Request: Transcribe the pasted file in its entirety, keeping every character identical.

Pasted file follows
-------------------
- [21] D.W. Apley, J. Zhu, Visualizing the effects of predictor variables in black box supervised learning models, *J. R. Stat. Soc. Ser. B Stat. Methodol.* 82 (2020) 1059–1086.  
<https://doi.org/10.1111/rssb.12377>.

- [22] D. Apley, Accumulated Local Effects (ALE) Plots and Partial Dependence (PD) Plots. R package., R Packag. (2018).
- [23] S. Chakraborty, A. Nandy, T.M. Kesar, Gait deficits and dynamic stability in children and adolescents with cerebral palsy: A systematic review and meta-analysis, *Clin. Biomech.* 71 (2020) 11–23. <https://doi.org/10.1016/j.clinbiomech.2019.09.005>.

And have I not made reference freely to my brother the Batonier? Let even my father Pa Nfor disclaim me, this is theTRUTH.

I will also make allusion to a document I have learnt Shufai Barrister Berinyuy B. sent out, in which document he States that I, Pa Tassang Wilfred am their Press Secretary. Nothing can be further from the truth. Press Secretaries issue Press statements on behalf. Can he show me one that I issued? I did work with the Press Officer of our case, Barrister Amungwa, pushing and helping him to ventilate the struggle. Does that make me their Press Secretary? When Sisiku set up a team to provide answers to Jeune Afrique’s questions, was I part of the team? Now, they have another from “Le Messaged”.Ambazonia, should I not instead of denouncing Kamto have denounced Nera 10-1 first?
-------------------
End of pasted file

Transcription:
- [21] D.W. Apley, J. Zhu, Visualizing the effects of predictor variables in black box supervised learning models, *J. R. Stat. Soc. Ser. B Stat. Methodol.* 82 (2020) 1059–1086.  
<https://doi.org/10.1111/rssb.12377>.

- [22] D. Apley, Accumulated Local Effects (ALE) Plots and Partial Dependence (PD) Plots. R package., R Packag. (2018).
- [23] S. Chakraborty, A. Nandy, T.M. Kesar, Gait deficits and dynamic stability in children and adolescents with cerebral palsy: A systematic review and meta-analysis, *Clin. Biomech.* 71 (2020) 11–23. <https://doi.org/10.1016/j.clinbiomech.2019.09.005>.

And have I not made reference freely to my brother the Batonier? Let even my father Pa Nfor disclaim me, this is theTRUTH.

I will also make allusion to a document I have learnt Shufai Barrister Berinyuy B. sent out, in which document he States that I, Pa Tassang Wilfred am their Press Secretary. Nothing can be further from the truth. Press Secretaries issue Press statements on behalf. Can he show me one that I issued? I did work with the Press Officer of our case, Barrister Amungwa, pushing and helping him to ventilate the struggle. Does that make me their Press Secretary? When Sisiku set up a team to provide answers to Jeune Afrique’s questions, was I part of the team? Now, they have another from “Le Messaged”.Ambazonia, should I not instead of denouncing Kamto have denounced Nera 10-1 first?